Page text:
Frosting On The Beater

The Posies

Geffen, 1993

REVIEW BY: Jason Warburg


The same year that Frosting On The Beater came out, Jon Auer and Ken Stringfellow of The Posies were announced as new members filling out the lineup of the reunited Big Star led by co-founders Alex Chilton and Jody Stephens. And while that reunion/relaunching was an unexpected development, the choice of Auer and Stringfellow to join Big Star feels like a punchline delivered by Captain Obvious. For anyone who doesn’t know what the Posies sound like—and there are unfortunately plenty of you out there—the best answer I can offer is, “like Big Star never broke up.”

Formed in 1986 as a vehicle for the songs of singer-songwriter-multi-instrumentalists Auer and Stringfellow, The Posies were already something approaching a Big Star tribute band, delivering tight, energetic power-pop, that distinctive subgenre characterized by catchy, muscular guitar riffs, abundant vocal harmonies, and yearning, downbeat lyrics. This particular outing finds The Posies’ brand of power pop at its boldest and most muscular, occasionally channeling the reckless spirit of iconic ’80s power-poppers The Replacements.

Frosting On The Beater is frequently cited as a high point in the Posies catalogue, and it’s not hard to hear why. There’s a certain keening tone to the lead vocals and close harmonies that immediately brings Alex Chilton and company to mind, but on Frosting the guitars are turned up all the way, delivering hooky guitar-rock whose occasional heaviness never eclipses their melodic core.

The opening trio—“Dream All Day” into “Solar Sister” into “Flavor Of The Month”—feels like a clinic in single-writing as taught by Big Star, Teenage Fanclub, XTC, and the rest of the post-Beatles power-pop firmament. “Dream” leads with big guitars, the band announcing itself to the world again, before Dave Fox (bass) and Mike Musburger (drums) throw down, creating a dynamic contrast between the pushing-pulling rhythm section, crunchy guitars, and rich, swirling harmonies. my_heart_sings_the_harmony_web_ad_alt_250

“Solar Sister” ups the catchiness quotient further yet, burnishing the guitars to a Gin Blossoms shine while Stringfellow and Auer harmonize beautifully over the top. Then “Flavor” offers a sarcastic jab at the label types pushing them to write a single by writing the catchiest one yet, marrying ringing REM-ish guitars to powerful unison vocals while counter-pointing that one-two punch with Badfinger-esque melancholy.  

The thrashy chaos factor increasingly creeps in over the course of the next few tunes. First “Love Letter Boxes” interrupts a lean into the band’s melodic side with a shearing, discordant solo section; then “Definite Door” delivers an almost punky heaviness under the pretty harmonies soaring above. “Burn & Shine” brings this dichotomy to a head with coiled rhythms under distorted guitars, extending the tension through a pair of increasingly unhinged solo sections, the second of which evolves into an over-generous jam that finally cuts off abruptly at 6:51.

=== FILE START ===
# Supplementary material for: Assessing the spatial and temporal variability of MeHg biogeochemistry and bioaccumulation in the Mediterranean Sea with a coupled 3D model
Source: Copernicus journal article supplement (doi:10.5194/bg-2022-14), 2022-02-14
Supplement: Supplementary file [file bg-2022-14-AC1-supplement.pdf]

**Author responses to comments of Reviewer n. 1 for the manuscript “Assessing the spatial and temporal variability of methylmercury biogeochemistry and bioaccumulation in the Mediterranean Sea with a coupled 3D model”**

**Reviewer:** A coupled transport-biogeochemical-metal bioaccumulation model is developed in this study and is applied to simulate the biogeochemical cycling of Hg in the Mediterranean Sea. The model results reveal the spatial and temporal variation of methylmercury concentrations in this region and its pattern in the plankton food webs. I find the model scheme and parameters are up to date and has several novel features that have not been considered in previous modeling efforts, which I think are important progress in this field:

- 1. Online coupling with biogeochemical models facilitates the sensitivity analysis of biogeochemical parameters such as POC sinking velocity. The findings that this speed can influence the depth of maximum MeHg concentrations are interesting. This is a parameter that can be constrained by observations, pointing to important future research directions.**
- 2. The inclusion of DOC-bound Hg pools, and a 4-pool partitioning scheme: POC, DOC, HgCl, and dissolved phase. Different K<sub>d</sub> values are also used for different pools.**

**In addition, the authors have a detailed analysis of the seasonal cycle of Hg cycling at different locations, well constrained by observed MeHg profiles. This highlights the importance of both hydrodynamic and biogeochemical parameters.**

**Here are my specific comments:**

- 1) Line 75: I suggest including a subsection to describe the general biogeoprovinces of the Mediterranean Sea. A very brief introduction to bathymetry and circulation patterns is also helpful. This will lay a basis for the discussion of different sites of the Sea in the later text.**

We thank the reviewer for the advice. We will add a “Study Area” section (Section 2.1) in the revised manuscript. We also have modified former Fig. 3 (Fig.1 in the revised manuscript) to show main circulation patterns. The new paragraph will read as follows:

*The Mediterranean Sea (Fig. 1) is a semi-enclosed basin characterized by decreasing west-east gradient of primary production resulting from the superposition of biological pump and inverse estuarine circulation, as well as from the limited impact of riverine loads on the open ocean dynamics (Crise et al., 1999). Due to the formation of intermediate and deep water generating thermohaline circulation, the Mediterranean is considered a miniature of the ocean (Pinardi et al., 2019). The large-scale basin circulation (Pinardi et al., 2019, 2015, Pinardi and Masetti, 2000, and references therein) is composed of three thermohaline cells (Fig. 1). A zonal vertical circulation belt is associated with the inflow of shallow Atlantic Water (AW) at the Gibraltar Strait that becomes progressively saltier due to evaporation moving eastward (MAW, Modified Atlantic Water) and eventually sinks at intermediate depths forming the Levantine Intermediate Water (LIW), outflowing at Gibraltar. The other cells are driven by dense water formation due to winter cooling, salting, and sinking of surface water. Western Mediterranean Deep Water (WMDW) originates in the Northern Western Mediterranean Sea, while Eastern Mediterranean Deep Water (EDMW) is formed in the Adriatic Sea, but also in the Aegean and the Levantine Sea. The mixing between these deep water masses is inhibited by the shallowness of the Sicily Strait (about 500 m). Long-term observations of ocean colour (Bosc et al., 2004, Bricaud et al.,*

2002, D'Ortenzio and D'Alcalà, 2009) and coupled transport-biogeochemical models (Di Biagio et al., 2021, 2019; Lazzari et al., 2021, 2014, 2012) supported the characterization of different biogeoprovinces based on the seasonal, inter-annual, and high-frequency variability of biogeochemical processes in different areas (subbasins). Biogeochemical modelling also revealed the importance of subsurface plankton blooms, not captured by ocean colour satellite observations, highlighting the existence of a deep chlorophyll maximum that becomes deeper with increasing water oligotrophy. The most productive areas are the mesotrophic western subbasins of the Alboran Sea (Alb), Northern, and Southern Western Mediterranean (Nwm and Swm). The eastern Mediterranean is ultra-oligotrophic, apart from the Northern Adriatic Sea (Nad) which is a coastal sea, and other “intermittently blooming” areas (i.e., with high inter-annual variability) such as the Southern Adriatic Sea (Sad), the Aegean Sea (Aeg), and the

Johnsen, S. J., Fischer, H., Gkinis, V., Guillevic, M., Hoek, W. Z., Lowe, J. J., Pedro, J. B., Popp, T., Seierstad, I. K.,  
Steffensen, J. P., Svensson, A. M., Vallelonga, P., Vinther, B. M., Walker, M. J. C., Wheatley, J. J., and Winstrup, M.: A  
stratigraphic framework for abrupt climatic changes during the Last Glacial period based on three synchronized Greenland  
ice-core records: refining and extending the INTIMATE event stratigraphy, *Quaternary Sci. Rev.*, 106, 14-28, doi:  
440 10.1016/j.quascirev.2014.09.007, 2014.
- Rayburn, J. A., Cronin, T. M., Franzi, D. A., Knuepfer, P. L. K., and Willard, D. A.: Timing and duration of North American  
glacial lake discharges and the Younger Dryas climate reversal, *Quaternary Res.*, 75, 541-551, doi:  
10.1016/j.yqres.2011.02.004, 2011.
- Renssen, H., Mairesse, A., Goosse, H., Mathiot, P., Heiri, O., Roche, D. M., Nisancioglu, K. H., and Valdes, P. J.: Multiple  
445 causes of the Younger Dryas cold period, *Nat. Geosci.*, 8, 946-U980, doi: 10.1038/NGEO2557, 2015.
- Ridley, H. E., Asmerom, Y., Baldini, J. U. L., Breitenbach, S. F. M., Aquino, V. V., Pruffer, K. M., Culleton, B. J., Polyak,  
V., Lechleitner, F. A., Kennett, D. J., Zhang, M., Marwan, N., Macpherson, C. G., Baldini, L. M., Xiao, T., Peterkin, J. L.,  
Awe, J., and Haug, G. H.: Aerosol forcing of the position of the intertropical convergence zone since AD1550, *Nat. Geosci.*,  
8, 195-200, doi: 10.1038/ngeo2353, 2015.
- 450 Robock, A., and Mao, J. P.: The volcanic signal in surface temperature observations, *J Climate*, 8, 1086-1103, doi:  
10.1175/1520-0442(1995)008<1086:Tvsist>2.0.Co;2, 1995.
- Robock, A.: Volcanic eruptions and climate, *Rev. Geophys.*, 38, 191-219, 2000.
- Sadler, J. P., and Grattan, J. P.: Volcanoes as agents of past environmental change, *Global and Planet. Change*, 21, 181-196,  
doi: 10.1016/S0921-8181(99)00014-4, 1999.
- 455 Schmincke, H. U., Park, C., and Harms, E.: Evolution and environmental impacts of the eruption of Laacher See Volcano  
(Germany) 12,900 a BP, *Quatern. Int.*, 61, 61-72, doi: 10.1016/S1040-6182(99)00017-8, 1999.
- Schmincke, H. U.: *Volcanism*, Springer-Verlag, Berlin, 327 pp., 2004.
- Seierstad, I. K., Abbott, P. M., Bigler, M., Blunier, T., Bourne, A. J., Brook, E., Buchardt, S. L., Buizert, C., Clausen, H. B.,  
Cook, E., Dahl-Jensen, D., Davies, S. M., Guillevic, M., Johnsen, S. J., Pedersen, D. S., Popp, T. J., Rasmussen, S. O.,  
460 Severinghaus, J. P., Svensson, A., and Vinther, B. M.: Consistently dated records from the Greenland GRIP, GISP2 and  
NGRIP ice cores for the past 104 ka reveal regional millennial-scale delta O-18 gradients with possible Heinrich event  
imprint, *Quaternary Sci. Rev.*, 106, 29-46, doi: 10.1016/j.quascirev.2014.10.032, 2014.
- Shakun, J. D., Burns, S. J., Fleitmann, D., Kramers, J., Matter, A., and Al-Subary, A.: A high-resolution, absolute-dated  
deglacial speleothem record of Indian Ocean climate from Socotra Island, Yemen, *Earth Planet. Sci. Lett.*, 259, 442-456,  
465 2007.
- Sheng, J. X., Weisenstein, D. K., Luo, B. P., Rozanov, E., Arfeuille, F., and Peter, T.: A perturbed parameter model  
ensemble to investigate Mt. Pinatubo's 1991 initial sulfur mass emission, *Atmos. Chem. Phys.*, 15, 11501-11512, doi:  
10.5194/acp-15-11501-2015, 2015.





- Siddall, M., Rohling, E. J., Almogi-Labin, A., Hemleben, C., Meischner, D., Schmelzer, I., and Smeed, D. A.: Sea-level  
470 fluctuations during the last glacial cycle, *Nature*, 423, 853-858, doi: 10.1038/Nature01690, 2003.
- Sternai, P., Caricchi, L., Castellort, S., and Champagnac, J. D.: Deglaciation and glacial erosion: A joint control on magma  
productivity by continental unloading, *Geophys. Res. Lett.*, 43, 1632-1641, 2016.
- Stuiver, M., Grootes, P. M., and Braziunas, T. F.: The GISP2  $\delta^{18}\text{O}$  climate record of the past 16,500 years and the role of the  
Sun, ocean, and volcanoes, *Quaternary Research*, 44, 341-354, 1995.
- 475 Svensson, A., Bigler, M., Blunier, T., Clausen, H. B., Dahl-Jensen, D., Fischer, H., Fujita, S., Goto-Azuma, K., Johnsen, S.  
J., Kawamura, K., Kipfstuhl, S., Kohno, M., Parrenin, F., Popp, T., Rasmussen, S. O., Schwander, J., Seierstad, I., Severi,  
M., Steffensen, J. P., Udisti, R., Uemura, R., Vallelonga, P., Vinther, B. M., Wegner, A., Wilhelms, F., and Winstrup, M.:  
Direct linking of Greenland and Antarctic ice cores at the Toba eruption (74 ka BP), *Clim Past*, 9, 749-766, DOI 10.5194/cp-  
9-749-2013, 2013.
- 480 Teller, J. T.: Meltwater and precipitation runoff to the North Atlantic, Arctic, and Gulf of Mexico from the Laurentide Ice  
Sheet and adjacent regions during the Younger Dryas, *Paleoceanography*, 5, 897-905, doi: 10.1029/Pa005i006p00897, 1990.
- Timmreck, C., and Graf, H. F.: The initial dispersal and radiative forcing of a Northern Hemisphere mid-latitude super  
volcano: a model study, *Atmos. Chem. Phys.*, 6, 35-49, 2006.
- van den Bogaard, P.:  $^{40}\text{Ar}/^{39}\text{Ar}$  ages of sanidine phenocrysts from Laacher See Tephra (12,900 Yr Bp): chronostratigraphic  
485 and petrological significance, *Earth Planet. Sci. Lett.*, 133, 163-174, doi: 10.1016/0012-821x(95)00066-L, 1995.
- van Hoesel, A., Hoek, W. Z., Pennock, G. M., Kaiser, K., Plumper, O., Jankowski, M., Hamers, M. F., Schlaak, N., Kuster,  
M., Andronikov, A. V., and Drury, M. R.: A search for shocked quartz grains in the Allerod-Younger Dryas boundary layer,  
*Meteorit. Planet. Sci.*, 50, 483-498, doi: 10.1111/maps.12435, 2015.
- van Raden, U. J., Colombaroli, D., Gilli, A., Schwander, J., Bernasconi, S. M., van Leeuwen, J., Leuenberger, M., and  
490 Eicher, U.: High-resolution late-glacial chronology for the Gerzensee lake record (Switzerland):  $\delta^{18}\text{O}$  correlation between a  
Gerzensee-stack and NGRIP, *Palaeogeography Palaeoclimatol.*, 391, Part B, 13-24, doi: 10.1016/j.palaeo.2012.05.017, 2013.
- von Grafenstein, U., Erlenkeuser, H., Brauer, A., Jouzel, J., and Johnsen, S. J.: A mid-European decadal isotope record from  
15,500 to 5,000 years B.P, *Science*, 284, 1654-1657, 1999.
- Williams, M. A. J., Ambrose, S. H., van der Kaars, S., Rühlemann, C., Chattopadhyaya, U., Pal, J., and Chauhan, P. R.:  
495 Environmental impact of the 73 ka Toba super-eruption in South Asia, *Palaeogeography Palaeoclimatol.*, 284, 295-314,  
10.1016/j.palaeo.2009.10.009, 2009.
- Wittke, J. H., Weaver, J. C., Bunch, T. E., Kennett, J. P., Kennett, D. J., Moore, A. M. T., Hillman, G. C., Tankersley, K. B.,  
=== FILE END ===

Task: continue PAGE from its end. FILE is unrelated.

Naturally, “Earlier Than Expected” follows with gentle harmonies, a mid-tempo, rather idealistic tribute to young women leaders who will “face the tempest of tomorrow.” Then “20 Questions” sets a series of philosophical musings to a circular melody given extra dimension by Stringfellow’s Hammond organ accents. Memory takes the forefront as Stringfellow revisits his brutal middle-school years on the churning, anguished “When Mute Tongues Can Speak” and Auer recounts the trials and tribulations or touring in a van on “Lights Out.” The latter lays in the weeds, airy and quiet until they plug in at 1:45 and blast you out of your seat with heavy distortion; at 3:25 it turns into a raucous, celebratory jam.

If there’s such a thing as an emphatic dirge, “How She Lied By Living” is it, an angry tribute to, and argument with, Stefanie Sargent of 7 Year Bitch, a friend and contemporary of Stringfellow’s who died as a result of heroin and alcohol at just 24. The album closes out with the evocative, rhythm-section-less “Coming Right Along,” all bold, restless chords behind Auer’s gently menacing vocals.

(The deluxe edition of this album issued by Omnivore adds more than two dozen demos, unreleased songs, studio goofs, and tracks culled from contemporaneous releases. It’s a treasure trove for the diehard Posies fan, illustrating in voluminous detail how the band draws from sometimes disparate threads of power pop, garage rock, hard rock, and glam, though for the casual listener it may be too much of a good thing.)

Frosting On The Beater was the moment when The Posies ascended from enthusiastic aficionados of power-pop to three-dimensional artists, delivering a set of genuinely original songs that pulled and stretched at their chosen form in a way that ensured their impact would be a lasting one. In the 30 years since, Auer and Stringfellow have enjoyed prolific careers veering between the mother ship of The Posies, solo work, a 15-year run with Big Star, and other collaborations. If you only have room for one Posies album in your collection, though, this is an excellent choice.

Rating: A-

User Rating: Not Yet Rated



© 2022 Jason Warburg and The Daily Vault. All rights reserved. Review or any portion may not be reproduced without written permission. Cover art is the intellectual property of Geffen, and is used for informational purposes only.